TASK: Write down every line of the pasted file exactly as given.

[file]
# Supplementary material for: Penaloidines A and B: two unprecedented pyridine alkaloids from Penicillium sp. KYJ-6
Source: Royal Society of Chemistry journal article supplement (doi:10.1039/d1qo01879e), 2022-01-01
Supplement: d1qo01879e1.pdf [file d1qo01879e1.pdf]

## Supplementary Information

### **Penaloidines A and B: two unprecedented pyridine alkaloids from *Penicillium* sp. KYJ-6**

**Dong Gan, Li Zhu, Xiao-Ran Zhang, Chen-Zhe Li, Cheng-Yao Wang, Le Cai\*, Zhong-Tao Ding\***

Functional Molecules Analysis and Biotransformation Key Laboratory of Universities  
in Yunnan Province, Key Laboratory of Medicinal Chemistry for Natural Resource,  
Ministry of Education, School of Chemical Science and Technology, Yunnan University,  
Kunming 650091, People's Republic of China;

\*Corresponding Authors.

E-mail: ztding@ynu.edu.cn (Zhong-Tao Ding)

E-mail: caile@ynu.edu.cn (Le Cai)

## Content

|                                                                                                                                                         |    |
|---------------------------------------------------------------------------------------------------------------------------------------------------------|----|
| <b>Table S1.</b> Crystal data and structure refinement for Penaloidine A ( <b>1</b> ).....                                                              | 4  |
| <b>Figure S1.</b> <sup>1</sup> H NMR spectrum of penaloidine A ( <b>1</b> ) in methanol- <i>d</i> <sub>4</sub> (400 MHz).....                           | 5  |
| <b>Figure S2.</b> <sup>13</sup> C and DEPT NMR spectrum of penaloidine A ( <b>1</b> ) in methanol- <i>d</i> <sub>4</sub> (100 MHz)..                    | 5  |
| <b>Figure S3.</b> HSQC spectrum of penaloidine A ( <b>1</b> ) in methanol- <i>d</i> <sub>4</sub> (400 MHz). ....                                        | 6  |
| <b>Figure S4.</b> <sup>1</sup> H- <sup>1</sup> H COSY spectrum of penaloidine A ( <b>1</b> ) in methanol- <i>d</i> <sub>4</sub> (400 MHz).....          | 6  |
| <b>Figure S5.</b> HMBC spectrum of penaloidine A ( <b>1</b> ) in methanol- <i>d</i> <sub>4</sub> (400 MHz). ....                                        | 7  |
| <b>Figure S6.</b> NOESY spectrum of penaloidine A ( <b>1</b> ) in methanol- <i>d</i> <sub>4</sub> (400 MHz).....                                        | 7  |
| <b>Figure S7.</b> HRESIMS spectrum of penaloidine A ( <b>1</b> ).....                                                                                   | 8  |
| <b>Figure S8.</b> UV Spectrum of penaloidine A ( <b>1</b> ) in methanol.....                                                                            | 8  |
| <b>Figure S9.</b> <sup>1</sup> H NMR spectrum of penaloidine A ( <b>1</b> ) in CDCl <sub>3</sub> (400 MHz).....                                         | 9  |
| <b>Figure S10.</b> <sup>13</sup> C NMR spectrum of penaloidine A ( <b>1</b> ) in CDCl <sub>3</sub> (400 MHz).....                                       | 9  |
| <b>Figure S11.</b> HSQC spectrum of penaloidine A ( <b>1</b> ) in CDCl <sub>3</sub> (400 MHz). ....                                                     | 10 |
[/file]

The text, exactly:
# Supplementary material for: Penaloidines A and B: two unprecedented pyridine alkaloids from Penicillium sp. KYJ-6
Source: Royal Society of Chemistry journal article supplement (doi:10.1039/d1qo01879e), 2022-01-01
Supplement: d1qo01879e1.pdf [file d1qo01879e1.pdf]

## Supplementary Information

### **Penaloidines A and B: two unprecedented pyridine alkaloids from *Penicillium* sp. KYJ-6**

**Dong Gan, Li Zhu, Xiao-Ran Zhang, Chen-Zhe Li, Cheng-Yao Wang, Le Cai\*, Zhong-Tao Ding\***

Functional Molecules Analysis and Biotransformation Key Laboratory of Universities  
in Yunnan Province, Key Laboratory of Medicinal Chemistry for Natural Resource,  
Ministry of Education, School of Chemical Science and Technology, Yunnan University,  
Kunming 650091, People's Republic of China;

\*Corresponding Authors.

E-mail: ztding@ynu.edu.cn (Zhong-Tao Ding)

E-mail: caile@ynu.edu.cn (Le Cai)

## Content

|                                                                                                                                                         |    |
|---------------------------------------------------------------------------------------------------------------------------------------------------------|----|
| <b>Table S1.</b> Crystal data and structure refinement for Penaloidine A ( <b>1</b> ).....                                                              | 4  |
| <b>Figure S1.</b> <sup>1</sup> H NMR spectrum of penaloidine A ( <b>1</b> ) in methanol- <i>d</i> <sub>4</sub> (400 MHz).....                           | 5  |
| <b>Figure S2.</b> <sup>13</sup> C and DEPT NMR spectrum of penaloidine A ( <b>1</b> ) in methanol- <i>d</i> <sub>4</sub> (100 MHz)..                    | 5  |
| <b>Figure S3.</b> HSQC spectrum of penaloidine A ( <b>1</b> ) in methanol- <i>d</i> <sub>4</sub> (400 MHz). ....                                        | 6  |
| <b>Figure S4.</b> <sup>1</sup> H- <sup>1</sup> H COSY spectrum of penaloidine A ( <b>1</b> ) in methanol- <i>d</i> <sub>4</sub> (400 MHz).....          | 6  |
| <b>Figure S5.</b> HMBC spectrum of penaloidine A ( <b>1</b> ) in methanol- <i>d</i> <sub>4</sub> (400 MHz). ....                                        | 7  |
| <b>Figure S6.</b> NOESY spectrum of penaloidine A ( <b>1</b> ) in methanol- <i>d</i> <sub>4</sub> (400 MHz).....                                        | 7  |
| <b>Figure S7.</b> HRESIMS spectrum of penaloidine A ( <b>1</b> ).....                                                                                   | 8  |
| <b>Figure S8.</b> UV Spectrum of penaloidine A ( <b>1</b> ) in methanol.....                                                                            | 8  |
| <b>Figure S9.</b> <sup>1</sup> H NMR spectrum of penaloidine A ( <b>1</b> ) in CDCl <sub>3</sub> (400 MHz).....                                         | 9  |
| <b>Figure S10.</b> <sup>13</sup> C NMR spectrum of penaloidine A ( <b>1</b> ) in CDCl <sub>3</sub> (400 MHz).....                                       | 9  |
| <b>Figure S11.</b> HSQC spectrum of penaloidine A ( <b>1</b> ) in CDCl <sub>3</sub> (400 MHz). ....                                                     | 10 |